Employee perks

Employee perks are a great way to incentivise your workforce. They provide a reason for people to work hard, as well as an element of self-care by helping employees de-stress.

Whether it’s extra holiday days, shopping vouchers, or a pay rise, think about how you want to reward your employees for great work and start doing it to boost productivity.

How much office space do I need?

By Office Design, Uncategorised

There’s nothing worse than working in a tiny office that feels so small you can barely think. Working in too close proximity to your colleagues can cause a number of different issues.

That being said, being so far away from your teammates that you have to take a small hike to chat to them about your latest project can make things pretty inefficient, too.

It’s easy to miscalculate how much office space your business really needs, and if you do get it wrong, it can negatively impact productivity, employee satisfaction, and your plans to expand in the future.

To make sure you get it right first time, here’s our guide on working out exactly how much space your business needs.

How much do I need per employee?

Generally, we’d recommend around 100 sq ft per employee.

This can vary, however, depending on several factors. Those factors include plans for your business’ future, the sector you’re working in, and what kind of workspace design features you want to prioritise.

Businesses in certain sectors can get away with a smaller office, whereas some will need a bit more space. If you’re working in a sector that generally does most things online, such as a digital marketing agency or solicitors, you’ll be able to cope in a workspace that isn’t so roomy. Generally, creative businesses such as architects, or those that need to file a lot of physical papers, should be looking for a larger sq ft per employee.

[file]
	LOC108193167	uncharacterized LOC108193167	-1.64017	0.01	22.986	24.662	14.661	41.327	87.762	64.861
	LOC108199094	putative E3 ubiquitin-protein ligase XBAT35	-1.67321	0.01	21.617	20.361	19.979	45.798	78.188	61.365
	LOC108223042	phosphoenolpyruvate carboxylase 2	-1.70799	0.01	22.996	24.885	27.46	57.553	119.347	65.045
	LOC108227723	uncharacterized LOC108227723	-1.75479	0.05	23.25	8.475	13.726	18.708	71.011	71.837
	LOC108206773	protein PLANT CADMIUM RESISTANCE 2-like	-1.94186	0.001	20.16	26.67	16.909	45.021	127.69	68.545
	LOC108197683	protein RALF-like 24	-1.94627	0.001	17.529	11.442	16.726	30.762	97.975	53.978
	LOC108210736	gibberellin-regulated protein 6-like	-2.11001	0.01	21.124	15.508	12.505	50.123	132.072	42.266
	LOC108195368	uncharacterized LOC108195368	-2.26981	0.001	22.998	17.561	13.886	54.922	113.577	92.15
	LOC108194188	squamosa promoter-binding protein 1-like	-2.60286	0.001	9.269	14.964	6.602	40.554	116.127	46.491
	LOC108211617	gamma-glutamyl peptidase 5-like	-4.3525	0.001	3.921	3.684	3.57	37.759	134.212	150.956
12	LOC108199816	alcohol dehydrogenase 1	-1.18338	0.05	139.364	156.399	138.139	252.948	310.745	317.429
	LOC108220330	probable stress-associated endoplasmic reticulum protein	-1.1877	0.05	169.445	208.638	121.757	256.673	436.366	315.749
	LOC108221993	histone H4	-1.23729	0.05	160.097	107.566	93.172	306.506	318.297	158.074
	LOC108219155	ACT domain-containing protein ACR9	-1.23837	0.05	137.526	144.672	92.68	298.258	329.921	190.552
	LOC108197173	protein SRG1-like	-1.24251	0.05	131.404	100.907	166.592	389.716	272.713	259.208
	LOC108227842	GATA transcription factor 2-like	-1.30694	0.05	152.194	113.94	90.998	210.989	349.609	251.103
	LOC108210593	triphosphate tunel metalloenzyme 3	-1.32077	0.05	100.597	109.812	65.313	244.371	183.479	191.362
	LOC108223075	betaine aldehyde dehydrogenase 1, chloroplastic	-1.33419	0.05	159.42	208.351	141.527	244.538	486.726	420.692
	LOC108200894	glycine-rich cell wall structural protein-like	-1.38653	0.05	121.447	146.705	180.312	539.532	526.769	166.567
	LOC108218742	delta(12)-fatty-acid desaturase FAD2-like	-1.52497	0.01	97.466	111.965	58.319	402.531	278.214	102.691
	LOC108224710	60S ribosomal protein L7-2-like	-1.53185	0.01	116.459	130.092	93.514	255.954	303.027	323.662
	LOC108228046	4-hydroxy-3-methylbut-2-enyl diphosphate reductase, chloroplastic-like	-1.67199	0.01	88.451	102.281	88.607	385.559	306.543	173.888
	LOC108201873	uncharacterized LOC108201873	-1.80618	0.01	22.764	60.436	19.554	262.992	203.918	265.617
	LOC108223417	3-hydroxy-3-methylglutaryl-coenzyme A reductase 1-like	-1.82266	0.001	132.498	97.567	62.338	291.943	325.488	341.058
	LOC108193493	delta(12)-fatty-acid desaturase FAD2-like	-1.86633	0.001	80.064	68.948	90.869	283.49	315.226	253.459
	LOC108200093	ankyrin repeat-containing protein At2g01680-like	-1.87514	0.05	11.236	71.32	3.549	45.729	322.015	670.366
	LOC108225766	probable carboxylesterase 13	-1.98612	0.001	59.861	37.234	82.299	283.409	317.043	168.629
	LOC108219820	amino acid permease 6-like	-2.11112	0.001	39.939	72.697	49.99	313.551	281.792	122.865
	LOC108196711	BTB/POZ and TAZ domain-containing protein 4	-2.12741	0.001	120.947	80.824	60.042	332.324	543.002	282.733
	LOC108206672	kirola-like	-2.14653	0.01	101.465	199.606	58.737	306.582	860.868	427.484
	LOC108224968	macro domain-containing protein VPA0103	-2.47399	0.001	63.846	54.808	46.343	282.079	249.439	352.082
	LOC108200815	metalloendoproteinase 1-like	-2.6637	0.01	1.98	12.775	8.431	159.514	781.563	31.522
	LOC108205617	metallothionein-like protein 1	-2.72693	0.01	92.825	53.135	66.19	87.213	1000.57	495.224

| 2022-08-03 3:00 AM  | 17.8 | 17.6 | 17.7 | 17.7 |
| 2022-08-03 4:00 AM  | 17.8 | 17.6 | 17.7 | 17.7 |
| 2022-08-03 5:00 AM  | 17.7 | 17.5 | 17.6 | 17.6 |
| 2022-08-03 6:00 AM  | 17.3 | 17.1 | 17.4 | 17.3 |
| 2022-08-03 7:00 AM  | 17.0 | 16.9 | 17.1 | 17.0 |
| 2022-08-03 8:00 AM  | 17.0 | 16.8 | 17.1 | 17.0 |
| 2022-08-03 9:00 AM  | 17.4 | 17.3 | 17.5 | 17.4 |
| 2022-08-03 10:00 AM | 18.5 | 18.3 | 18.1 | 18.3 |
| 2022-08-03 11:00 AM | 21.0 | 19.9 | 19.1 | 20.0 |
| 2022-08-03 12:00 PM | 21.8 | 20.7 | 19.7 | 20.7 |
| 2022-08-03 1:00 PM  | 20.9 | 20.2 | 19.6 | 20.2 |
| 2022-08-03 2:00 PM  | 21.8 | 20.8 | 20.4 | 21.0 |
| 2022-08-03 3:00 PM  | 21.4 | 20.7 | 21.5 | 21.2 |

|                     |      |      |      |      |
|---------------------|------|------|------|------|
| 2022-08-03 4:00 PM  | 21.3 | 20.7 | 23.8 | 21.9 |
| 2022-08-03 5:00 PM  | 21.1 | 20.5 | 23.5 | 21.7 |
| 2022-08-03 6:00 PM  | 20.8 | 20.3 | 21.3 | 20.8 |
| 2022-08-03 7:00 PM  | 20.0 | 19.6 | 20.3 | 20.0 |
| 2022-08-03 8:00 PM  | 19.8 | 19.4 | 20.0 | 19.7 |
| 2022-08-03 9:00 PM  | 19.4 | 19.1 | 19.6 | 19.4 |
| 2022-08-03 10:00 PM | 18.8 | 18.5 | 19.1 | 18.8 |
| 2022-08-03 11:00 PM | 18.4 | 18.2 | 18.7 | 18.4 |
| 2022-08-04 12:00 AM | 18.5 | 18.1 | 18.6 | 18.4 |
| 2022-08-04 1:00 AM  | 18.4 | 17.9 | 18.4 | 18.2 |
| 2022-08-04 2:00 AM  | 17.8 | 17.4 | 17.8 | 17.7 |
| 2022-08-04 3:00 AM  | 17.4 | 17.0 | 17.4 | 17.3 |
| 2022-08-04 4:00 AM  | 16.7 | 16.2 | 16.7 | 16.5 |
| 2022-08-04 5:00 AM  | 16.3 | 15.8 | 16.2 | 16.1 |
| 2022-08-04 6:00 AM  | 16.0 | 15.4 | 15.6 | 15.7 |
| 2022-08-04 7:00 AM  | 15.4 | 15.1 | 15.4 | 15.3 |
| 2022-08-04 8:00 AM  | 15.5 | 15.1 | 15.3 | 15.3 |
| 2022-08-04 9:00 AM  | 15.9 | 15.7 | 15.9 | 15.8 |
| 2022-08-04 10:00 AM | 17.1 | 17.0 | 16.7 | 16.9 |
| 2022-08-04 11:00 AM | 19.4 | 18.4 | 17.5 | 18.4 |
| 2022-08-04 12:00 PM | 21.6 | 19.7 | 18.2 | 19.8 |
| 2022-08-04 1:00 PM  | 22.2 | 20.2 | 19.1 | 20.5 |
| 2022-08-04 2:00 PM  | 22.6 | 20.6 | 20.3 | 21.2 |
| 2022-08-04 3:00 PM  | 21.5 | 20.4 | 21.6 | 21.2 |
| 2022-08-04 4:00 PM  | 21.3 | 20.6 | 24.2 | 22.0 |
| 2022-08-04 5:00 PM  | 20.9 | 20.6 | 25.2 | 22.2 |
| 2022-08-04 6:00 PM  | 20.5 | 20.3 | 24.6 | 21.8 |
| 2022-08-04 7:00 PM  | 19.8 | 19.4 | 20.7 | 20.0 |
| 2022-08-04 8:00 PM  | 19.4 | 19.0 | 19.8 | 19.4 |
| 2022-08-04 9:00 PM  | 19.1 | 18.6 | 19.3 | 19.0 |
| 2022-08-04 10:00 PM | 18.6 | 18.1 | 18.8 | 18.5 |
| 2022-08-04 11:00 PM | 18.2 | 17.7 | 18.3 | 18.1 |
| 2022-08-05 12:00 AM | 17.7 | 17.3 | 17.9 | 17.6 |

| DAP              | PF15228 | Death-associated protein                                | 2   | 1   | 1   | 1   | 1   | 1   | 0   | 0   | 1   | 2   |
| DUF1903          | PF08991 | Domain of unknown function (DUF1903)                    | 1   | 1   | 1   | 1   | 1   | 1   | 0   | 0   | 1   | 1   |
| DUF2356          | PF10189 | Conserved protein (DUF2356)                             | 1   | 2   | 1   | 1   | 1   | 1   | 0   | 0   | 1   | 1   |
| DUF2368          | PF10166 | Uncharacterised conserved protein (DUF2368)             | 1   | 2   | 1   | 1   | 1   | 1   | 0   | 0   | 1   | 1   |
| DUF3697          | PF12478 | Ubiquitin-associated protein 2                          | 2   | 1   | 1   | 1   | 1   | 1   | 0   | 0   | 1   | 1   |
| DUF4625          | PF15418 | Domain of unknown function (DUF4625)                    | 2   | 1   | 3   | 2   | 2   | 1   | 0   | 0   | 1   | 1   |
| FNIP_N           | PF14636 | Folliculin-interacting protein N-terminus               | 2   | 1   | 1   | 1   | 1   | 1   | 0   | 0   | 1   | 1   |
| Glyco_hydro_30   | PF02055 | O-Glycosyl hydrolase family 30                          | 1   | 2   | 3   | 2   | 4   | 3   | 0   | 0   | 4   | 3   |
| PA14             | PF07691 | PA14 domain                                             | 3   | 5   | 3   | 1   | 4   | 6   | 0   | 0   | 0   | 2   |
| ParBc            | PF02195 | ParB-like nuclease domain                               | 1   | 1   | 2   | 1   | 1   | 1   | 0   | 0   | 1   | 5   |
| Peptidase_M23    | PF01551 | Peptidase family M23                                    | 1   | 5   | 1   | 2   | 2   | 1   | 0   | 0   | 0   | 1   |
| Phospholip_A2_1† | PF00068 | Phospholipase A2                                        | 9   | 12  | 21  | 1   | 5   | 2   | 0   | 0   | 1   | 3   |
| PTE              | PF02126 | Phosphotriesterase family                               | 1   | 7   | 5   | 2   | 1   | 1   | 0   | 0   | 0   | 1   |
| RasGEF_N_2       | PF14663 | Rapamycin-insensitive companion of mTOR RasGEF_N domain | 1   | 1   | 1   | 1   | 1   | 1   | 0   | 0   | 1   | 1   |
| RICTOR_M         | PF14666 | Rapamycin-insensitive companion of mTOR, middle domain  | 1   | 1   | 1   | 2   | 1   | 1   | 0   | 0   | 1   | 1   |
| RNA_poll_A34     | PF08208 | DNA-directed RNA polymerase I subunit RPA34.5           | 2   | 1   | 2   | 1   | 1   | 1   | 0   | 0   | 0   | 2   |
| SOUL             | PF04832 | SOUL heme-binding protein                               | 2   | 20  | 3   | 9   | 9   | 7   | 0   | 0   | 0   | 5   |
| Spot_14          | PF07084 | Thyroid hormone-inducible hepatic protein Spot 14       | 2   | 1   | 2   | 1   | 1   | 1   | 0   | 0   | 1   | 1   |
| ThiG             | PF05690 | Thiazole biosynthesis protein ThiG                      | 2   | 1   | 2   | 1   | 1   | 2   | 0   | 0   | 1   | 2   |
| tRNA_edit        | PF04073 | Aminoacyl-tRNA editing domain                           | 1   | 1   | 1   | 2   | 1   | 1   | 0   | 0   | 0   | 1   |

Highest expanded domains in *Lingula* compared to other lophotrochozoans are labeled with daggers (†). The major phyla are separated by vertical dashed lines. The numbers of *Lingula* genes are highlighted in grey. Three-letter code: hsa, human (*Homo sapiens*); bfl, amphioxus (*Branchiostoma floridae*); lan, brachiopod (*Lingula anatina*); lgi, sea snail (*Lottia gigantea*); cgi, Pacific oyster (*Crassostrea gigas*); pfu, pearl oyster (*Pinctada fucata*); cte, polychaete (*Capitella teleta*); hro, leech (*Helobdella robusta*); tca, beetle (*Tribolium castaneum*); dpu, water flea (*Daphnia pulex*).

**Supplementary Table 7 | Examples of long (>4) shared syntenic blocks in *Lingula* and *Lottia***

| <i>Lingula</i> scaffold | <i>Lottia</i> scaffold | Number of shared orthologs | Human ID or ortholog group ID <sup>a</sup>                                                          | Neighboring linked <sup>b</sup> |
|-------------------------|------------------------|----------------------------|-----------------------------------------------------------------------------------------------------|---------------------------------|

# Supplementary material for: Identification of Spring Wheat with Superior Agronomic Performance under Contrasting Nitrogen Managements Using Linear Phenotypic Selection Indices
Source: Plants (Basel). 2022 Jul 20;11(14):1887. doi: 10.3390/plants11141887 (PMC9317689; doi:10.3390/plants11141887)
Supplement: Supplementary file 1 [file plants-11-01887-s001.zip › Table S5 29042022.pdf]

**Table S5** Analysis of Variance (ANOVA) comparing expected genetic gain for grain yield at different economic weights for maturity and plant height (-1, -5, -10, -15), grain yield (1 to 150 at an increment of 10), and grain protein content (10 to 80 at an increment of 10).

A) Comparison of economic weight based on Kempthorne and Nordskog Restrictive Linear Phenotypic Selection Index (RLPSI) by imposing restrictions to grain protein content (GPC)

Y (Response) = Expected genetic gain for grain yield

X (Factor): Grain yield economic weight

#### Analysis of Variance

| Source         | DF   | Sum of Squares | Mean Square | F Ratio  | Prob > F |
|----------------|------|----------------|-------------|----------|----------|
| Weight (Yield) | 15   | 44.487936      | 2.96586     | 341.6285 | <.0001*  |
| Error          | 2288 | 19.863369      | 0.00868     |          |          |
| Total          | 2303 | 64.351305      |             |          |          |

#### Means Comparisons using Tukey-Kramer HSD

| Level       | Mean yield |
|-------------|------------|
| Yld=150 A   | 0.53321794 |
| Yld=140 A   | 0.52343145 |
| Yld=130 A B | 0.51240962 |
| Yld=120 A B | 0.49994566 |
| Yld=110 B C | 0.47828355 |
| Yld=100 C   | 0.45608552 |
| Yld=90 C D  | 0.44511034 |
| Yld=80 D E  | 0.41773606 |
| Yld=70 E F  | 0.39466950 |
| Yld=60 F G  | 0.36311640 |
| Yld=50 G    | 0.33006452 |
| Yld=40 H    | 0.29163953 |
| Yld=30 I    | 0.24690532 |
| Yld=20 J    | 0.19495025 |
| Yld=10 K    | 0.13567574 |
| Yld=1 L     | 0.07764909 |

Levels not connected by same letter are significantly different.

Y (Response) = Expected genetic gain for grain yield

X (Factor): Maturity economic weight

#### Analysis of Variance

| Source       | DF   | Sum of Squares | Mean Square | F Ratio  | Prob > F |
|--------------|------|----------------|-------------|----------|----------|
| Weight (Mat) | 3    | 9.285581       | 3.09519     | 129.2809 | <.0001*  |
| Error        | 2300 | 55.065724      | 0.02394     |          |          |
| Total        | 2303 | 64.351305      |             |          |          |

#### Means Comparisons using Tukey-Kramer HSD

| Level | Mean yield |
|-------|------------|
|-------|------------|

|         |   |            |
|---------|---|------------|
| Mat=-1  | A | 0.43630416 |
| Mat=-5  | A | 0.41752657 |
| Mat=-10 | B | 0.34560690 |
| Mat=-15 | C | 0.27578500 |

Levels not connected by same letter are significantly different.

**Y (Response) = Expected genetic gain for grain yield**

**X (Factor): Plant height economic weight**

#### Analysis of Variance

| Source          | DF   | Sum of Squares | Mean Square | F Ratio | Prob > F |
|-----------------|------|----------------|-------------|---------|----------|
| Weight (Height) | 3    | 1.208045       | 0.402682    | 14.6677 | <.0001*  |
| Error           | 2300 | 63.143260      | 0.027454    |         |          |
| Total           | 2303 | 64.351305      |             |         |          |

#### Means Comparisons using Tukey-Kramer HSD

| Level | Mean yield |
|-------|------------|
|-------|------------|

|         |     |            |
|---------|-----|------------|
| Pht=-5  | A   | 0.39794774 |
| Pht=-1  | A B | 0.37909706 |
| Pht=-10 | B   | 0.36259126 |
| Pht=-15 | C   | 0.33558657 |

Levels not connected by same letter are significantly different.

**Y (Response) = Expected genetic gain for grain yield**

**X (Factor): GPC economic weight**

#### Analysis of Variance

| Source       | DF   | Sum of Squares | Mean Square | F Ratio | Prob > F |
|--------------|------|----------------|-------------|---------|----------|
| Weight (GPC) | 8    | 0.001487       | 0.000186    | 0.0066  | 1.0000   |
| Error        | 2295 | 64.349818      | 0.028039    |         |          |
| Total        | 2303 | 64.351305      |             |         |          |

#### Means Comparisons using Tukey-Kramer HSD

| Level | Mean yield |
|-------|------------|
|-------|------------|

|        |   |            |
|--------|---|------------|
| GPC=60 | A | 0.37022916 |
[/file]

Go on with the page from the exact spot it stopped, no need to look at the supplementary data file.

If you’re struggling to visualise what 100 sq ft per employee looks like, a king-size bed is approximately 40 sq ft.

What else could impact the space I need?

When choosing an office space, there are factors other than your staff that you’ll need to take into consideration.

For example, if you’re planning to grow and hire more people, it’s no good choosing somewhere that’s the perfect size for the staff you currently have. Instead, work out how much you’re planning to expand your workforce in the next couple of years, and account for that instead.

Additionally, look at the layout of the square footage you’re working with. An 18,000 sq ft open space is going to be much easier to fit your staff in than somewhere that’s an odd shape.

The extras

After you’ve figured out how much space your workforce needs, you’re going to need to add in some room for the extras.

From meeting rooms and co-working spaces to individual offices, a kitchen, and even somewhere to relax, depending on your workplace culture, you’re probably looking at including at least a couple of these features.

It’s also important to think about what furniture you might want. If you’re planning on squeezing employees into less than 80 sq. ft. per person, it’d be a good idea to think of some clever ways to save space on things like storage and meeting rooms. For some examples, take a look at our work to see how we have used space to maximise employee comfort and productivity.

If you’re planning on moving into a new workspace, let us know, and we can help you figure out how to effectively use your new office to maximise productivity and make sure your employees are happy at work!

Clerkenwell 2019 Highlights

By Chameleon, Office Design, Uncategorised

This year our Design Team attended Clerkenwell Design Week 2019. As well as hosting an abundance of furniture and interiors showrooms, Clerkenwell is also home to a variety of other creative practices including architects, branding agencies and craft studios. Clerkenwell aims to push the boundaries of design, in terms of concepts, process and material capabilities., and invites industry leading professionals to explore these possibilities. Take a look below at what we thought were the running themes of showrooms around Clerkenwell.